So, with that, I’m going to turn it over to Dale for with my first question. So, Dale, reflecting on your work with the City of Pickering and the various areas that you’re involved in, what do you anticipate will be the City of Pickering’s top technology challenges over the next five year? And feel free to reflect on some of the ones that I just went over or even add some new ones in.
Dale Quaife (08:02)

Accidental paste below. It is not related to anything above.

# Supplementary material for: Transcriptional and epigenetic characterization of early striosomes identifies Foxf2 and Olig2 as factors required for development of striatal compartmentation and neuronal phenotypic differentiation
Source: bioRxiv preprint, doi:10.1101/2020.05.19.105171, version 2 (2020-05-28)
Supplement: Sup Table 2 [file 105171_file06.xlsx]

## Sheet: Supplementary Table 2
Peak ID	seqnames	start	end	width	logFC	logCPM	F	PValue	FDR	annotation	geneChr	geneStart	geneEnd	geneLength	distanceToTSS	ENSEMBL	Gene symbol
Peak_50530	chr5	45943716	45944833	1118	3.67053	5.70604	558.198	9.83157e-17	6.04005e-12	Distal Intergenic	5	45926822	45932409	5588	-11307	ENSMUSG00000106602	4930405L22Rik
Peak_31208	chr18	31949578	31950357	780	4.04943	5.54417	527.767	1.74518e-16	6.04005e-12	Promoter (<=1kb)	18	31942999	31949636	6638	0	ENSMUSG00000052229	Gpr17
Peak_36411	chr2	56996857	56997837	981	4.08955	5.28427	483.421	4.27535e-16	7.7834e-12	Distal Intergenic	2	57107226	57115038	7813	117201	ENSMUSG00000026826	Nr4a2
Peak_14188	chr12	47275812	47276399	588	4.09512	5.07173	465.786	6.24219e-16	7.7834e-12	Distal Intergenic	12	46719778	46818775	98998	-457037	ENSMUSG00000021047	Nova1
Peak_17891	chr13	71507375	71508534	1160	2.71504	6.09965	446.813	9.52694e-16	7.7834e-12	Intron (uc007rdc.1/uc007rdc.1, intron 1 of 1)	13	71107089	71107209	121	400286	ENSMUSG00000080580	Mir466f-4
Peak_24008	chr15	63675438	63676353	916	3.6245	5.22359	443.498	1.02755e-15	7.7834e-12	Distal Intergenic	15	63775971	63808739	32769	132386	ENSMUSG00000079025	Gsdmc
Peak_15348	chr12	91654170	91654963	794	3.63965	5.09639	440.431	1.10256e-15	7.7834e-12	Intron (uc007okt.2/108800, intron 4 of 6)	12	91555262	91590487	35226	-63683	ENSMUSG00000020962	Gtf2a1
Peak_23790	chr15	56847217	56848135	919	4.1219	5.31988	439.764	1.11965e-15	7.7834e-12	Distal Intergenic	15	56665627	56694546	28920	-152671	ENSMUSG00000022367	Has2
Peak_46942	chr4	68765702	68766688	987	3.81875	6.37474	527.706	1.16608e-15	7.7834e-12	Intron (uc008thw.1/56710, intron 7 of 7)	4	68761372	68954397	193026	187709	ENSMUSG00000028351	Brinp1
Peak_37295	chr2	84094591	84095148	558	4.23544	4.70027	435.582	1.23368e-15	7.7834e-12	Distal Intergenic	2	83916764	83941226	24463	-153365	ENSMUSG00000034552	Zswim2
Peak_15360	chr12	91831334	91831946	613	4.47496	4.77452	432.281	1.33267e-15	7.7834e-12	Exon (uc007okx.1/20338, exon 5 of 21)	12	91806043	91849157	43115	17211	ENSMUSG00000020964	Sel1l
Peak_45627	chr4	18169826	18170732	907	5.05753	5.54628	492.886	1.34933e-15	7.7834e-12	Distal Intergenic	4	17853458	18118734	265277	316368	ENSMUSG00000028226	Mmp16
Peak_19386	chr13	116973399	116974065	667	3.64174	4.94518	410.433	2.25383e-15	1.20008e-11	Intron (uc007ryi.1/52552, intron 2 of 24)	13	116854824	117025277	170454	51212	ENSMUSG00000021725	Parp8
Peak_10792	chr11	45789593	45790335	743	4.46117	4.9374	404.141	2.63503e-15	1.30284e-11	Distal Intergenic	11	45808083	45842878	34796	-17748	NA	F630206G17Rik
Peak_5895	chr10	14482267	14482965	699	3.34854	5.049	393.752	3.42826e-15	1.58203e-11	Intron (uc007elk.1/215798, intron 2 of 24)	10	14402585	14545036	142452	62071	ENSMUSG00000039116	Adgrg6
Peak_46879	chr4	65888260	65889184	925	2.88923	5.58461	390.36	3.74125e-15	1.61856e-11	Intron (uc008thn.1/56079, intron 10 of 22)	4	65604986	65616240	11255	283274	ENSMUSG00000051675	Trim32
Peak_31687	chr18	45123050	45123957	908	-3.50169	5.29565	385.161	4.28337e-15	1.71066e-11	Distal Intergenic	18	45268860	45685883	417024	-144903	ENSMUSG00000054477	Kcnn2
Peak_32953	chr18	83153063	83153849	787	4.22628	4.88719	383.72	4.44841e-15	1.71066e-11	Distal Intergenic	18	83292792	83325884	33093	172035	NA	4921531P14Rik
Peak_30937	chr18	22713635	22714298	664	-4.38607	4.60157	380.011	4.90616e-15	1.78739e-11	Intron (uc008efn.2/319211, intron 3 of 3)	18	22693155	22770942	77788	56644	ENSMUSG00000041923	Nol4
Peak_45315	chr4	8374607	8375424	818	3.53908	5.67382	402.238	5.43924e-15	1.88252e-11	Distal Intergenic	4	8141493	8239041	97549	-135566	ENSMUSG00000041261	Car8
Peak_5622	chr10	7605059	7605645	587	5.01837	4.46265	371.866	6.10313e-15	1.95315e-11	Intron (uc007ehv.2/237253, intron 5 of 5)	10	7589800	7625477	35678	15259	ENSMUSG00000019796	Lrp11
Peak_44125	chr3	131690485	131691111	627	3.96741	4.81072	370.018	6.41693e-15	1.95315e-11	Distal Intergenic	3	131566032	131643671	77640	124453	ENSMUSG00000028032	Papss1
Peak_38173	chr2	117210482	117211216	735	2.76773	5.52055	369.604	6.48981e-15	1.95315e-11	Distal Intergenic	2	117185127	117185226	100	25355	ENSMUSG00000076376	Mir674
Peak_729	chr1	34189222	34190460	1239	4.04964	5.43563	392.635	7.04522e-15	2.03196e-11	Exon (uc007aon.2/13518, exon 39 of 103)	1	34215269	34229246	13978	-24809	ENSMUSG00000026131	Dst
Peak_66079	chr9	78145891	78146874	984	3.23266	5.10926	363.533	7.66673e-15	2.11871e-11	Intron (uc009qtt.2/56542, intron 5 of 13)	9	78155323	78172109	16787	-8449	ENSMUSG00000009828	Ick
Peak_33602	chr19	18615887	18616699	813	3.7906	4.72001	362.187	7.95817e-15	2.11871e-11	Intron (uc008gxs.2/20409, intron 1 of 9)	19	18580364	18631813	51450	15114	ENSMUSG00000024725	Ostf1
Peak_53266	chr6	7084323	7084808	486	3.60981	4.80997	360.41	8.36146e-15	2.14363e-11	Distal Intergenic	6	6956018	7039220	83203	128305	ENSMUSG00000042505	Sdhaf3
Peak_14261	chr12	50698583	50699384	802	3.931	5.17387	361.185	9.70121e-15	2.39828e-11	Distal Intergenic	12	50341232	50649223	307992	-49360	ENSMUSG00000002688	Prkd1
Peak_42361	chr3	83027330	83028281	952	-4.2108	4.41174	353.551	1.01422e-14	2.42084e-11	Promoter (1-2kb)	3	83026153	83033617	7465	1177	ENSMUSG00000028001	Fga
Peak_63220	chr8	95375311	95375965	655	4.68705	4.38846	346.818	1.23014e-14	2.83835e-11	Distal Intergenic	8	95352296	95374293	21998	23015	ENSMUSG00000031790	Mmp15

Alright, I’ll do that. Thank you, Wendy. Definitely cyber security and data privacy is top of mind for everybody nowadays. Making sure that we’re keeping our data and information secure is becoming more and more of a challenge every day, the goalposts are moving. I also thought digital transformation and service delivery, I think a digital strategy, you know, in my mind is more of a service modernization strategy. A municipality has hundreds of services that it offers to residents. And knowing which of these to move first is key a key importance and understanding taking the manual processes that we all know and love today, and transforming those into an online digital service, it can be quite daunting and time consuming. Obviously, strategic alignment and integration is important. Information Technology rarely reports directly to the CEO is typically under a finance or a corporate services function. And this creates some challenges in and of itself as far as being at the table being available to talk about critical issues or strategic issues.